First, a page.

The conditions of this award seem to be similar to those of the Liebster and Lovely Blog awards.

I tried to back-track through Mymagicalescape’s nominator, Pat Wood or as I like to think of her, Caress Arborea *winks*, but I couldn’t find any specific conditions listed on her blog.

Sonya mentions that the Reader Appreciation Award Foundation stipulate six nominations, so I will do that, but add in Mymagicalescape’s format and write seven things about myself first – stuff that I haven’t already said after receiving previous nominations.

.

1. I believe in Angels – just not necessarily the kind that appear in popular literature.

2. I live in the same town as Jenna Burtenshaw and have received a great deal of encouragement from her.

3.  It was my wife’s tottering stack of vampire novels that compelled me to write ‘A Construct of Angels’.

4.  Movie soundtracks inspire my writing.

5.  My ‘day job’ takes me all over the UK.  75% of the time it gifts me writing opportunities that I wouldn’t otherwise enjoy.

6. Currently, my favourite writing tool is my Acer Netbook.

7. I am the closest I have ever been to publishing a book and cannot quite believe it.

.

Now, the nominations;

I’m supposed to nominate six bloggers for this Reader Appreciation award, so here are my choices;

1. Candace Knoebel

2. Ryan Casey

3. M D Kenning

4. Sonya Loveday

5. Carly Sarah

6. Michelle Proulx

7. Abusively Baboozan

8. Pat Wood blogging

Oops – I can’t count.  I know Candace, Sonya and Carlyysarah had already been nominated by Mymagicalescape and Pat Wood nominated her in the first place, but I love them so much, I felt compelled to repeat the nomination.

Who’s to say that I can’t?  :p

Oh, oh.  Yellow card approaching from the Reader Appreciation Award Foundation.

Enjoy, bask if you like, but don’t forget to spread the love!

 

Write on!

Do you empathise with your characters?

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Do you?

I mean really get down into the mud with them and feel their pain as if it was your own?

In this age of guts, gore and death on both the big and the small screen, it’s all too easy to sit back and munch popcorn as a larger-than-life action figure takes a bullet, then fights on to the expected victory.  The heroine, meanwhile, hangs by a single finger over a fatal drop before she is rescued in the very last instant by a strong grip around her slender wrist.

Yeah, sure he groans as the bullet buries itself in his flesh.  She shrieks as her finger slips. 

But what do they really feel?  Can you, as a writer, firstly imagine the pain, the sheer terror that these characters ought to be feeling?  And can you, secondly, convince the reader that these unfortunate, suffering characters know that a life-stopping moment is but a heartbeat away?   We are all buzzing bags of emotion, not unfeeling machines.  Readers know this – and we must deliver.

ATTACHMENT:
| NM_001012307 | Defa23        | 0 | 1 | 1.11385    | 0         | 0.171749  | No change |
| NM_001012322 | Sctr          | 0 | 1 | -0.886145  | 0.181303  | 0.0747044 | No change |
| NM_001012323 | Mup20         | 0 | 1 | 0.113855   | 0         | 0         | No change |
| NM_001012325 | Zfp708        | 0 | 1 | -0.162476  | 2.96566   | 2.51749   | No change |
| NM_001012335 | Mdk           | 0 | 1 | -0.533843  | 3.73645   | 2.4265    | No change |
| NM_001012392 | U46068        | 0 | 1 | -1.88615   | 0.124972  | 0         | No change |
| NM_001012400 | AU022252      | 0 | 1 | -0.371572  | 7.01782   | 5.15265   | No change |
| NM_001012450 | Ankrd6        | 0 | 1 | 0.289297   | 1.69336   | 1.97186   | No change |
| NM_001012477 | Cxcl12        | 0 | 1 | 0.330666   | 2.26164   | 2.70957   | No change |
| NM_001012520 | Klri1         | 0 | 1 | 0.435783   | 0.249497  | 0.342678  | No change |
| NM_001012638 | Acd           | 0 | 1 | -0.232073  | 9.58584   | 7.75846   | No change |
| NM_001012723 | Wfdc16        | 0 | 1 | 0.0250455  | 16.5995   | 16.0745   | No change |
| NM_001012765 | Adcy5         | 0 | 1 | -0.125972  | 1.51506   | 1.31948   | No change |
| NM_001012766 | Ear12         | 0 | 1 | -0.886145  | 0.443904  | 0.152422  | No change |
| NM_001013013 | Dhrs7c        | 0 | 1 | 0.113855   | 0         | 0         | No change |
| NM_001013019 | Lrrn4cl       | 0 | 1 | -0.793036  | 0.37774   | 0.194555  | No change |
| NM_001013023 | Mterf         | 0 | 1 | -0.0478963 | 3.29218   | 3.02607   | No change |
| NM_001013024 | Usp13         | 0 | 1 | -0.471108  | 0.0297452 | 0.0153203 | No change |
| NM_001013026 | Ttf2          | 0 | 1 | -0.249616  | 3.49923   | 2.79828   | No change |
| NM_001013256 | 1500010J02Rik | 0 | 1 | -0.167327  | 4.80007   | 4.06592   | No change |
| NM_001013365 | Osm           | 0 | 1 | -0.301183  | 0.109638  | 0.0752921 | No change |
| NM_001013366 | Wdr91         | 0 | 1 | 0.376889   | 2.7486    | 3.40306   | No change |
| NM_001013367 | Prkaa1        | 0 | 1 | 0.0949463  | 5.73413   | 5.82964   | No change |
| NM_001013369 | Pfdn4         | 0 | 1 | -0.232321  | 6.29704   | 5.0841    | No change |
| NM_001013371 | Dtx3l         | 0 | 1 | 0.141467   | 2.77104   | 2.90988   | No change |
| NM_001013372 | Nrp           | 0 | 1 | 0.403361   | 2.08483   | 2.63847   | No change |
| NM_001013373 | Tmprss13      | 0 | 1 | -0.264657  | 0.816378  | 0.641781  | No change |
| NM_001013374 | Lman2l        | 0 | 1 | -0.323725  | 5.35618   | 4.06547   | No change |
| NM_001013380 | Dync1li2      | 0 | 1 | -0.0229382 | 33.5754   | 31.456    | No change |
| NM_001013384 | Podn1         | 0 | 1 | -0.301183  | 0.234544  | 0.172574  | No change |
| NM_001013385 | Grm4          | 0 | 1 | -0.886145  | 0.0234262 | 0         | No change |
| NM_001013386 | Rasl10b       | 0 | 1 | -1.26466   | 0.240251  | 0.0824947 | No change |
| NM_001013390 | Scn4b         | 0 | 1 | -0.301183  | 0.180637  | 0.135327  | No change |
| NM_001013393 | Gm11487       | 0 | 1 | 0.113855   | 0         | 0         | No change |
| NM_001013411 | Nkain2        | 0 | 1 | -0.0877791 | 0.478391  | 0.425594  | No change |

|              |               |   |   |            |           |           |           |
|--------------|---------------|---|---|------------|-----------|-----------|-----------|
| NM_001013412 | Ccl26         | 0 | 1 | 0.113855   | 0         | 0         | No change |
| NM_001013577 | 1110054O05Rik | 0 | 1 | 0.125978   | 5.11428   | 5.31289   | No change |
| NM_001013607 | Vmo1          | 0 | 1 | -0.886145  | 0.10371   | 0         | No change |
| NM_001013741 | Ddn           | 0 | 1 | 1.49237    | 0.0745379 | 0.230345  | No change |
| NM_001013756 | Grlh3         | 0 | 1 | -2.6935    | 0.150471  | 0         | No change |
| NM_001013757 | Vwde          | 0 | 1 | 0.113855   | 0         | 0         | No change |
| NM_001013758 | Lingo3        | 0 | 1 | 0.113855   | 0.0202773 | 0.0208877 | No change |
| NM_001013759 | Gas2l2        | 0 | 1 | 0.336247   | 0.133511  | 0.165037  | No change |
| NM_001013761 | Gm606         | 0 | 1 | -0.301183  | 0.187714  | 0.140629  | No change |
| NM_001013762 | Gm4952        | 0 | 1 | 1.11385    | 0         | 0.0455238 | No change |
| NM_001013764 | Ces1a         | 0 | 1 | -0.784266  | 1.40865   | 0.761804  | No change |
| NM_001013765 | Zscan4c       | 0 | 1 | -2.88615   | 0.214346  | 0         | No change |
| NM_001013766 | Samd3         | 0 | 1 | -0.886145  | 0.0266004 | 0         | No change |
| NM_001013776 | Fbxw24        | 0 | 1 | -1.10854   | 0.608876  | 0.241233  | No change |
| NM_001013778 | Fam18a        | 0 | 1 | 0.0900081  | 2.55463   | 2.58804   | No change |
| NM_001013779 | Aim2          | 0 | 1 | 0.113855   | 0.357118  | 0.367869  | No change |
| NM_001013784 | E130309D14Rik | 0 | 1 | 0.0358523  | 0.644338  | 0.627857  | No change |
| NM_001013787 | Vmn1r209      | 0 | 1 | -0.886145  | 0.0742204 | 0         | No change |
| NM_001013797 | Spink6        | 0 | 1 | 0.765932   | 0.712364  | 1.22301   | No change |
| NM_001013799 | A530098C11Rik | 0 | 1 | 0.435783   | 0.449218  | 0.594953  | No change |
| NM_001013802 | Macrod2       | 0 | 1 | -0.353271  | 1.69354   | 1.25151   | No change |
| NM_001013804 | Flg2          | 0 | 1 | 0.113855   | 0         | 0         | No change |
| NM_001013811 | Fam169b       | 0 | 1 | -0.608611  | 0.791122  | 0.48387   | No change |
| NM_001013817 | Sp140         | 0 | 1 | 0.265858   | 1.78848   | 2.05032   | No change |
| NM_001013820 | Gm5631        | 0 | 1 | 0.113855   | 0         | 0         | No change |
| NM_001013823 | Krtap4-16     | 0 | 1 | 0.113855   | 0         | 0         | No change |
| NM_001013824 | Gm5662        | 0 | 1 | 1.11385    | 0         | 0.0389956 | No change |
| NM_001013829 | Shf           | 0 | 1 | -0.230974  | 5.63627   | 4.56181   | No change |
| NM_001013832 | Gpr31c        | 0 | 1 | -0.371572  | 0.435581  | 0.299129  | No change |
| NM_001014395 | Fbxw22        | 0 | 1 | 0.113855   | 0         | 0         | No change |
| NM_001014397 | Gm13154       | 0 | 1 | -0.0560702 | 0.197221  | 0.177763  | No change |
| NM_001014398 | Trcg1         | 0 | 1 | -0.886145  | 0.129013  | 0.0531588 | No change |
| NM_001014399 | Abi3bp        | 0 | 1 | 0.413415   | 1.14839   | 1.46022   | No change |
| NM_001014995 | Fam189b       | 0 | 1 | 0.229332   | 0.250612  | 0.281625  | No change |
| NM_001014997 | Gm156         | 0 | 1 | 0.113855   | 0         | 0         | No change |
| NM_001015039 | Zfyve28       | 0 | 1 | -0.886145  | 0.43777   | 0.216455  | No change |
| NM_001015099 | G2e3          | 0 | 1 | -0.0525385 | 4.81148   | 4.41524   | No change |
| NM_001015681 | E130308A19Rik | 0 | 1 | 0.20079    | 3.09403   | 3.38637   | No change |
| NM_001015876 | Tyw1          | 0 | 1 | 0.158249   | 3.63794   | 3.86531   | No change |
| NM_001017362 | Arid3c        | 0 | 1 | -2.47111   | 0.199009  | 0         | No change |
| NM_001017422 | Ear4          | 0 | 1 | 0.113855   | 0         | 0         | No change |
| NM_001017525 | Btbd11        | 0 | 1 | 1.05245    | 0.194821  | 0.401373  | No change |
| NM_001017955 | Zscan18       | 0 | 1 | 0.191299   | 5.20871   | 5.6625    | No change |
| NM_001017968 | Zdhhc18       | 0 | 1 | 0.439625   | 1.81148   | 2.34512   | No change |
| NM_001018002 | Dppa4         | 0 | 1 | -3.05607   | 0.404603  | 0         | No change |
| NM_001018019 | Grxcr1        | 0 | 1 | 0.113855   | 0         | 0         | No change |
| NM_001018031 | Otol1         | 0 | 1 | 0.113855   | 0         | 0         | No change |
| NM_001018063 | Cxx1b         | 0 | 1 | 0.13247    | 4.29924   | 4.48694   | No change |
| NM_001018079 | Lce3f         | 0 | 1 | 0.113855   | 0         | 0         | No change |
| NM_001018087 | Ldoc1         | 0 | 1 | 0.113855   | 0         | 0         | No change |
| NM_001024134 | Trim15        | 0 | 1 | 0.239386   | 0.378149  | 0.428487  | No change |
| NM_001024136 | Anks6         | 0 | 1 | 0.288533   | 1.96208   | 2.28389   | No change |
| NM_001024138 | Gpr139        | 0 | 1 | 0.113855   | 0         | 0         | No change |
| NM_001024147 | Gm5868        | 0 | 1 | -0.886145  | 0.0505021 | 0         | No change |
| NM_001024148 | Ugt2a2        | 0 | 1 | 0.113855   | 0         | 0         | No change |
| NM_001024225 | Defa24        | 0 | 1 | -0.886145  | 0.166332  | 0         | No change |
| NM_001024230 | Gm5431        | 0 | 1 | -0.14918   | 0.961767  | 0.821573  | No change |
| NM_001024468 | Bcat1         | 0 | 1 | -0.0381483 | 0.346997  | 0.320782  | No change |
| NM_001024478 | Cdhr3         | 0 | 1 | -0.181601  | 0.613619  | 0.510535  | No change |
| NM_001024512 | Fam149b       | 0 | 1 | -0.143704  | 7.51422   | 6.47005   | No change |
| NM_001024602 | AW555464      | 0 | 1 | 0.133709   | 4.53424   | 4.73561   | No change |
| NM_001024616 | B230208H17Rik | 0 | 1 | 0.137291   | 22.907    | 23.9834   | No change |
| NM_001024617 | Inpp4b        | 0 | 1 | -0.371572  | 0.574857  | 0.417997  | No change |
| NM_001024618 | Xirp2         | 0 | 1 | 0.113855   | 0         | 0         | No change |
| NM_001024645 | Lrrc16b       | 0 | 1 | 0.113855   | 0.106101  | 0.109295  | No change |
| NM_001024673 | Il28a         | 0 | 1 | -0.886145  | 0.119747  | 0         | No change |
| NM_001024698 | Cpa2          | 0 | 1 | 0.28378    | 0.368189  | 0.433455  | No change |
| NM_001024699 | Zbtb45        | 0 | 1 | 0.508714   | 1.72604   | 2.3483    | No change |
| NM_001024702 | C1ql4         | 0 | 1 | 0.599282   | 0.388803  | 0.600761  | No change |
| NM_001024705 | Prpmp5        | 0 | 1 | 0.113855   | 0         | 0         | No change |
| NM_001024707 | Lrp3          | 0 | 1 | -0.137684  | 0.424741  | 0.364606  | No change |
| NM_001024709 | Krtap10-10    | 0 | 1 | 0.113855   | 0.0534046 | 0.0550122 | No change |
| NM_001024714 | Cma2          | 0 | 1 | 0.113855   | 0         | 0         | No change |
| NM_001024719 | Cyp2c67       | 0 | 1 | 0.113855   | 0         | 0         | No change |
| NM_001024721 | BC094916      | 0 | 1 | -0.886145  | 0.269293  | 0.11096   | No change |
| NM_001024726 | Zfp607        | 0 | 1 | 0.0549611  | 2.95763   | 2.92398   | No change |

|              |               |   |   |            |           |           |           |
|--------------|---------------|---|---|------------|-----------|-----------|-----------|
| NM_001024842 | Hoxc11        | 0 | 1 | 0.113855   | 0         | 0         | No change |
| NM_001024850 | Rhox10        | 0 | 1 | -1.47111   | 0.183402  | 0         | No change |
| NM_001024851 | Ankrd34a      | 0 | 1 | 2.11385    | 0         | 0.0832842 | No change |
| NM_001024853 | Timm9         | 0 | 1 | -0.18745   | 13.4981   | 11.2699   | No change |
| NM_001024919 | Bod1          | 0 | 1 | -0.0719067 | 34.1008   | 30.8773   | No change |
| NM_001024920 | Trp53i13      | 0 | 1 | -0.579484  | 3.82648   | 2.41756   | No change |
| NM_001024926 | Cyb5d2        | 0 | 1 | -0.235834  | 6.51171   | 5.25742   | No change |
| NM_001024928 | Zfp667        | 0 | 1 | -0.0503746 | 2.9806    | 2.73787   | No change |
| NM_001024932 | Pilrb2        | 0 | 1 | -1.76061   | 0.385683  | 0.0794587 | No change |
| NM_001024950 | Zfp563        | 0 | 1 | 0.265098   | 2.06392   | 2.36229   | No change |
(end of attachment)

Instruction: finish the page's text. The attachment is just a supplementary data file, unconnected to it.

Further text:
I’ve dreamed of plunging to my death in a car, then woken in a cold, shaking sweat, hardly able to convince myself that I’d survived.  In one brief moment, I’d mentally wrapped up my life, regretted things unfinished, and wondered if non-corporeal existence or oblivion awaited me.  Then; bang;  I was a crumpled statistic – but one with an answer.  One with an edge to create better death scenes; and to recognise shallow ones.  And although it was a dream, I’d been there.  I’d actually felt it.

If you’re in any doubt that you are tuned into your characters, retire to a quiet place after you’ve written your action sequence.   Become one with your character of choice.  Climb into their skin, then re-run the action.  Hang from a stone gargoyle one hundred storeys above the city.  Plunge over a waterfall, not knowing if you’re going to see the next minute.  Switch off all the lights and spin around three times to experience some of the disorientation of being inside a darkened warehouse (but please don’t injure yourself – even if you are researching pain!).

Better still, if the geography or architecture allows, visit the closest possible parallels to your scene and lean over that edge; feel the power of the wind and water.  Picture the last seconds of your life as gravity claims its prize. 

Your character would.

Imagine how you’d feel if someone close to you went over the edge instead; feel that anger, that helplessness, that utter and permanent loss.

And relax…breathe.  Then get it down on paper / screen.

I’ve dealt largely with falls so far.  Other fates are available, naturally. 

And of course, this technique doesn’t just apply to action scenes. 

Pain is not the only emotion;

Betrayal?  Your best friend has just eloped with your significant other / taken your expensive car / smuggled out your priceless show cat.  Get angry; feel betrayed.  Just don’t call that friend until you’ve simmered down and put your hurt and anger into black-and-white.

Love?  A trickier one this, one that relies on previous experience.   Think of it as the ultimate head-and-heart battle.  Except that the head belongs to an adult, and the heart is a wanton, wailing, selfish four-year-old that (almost) always gets their way.  How wrenching would that be as an internal monologue?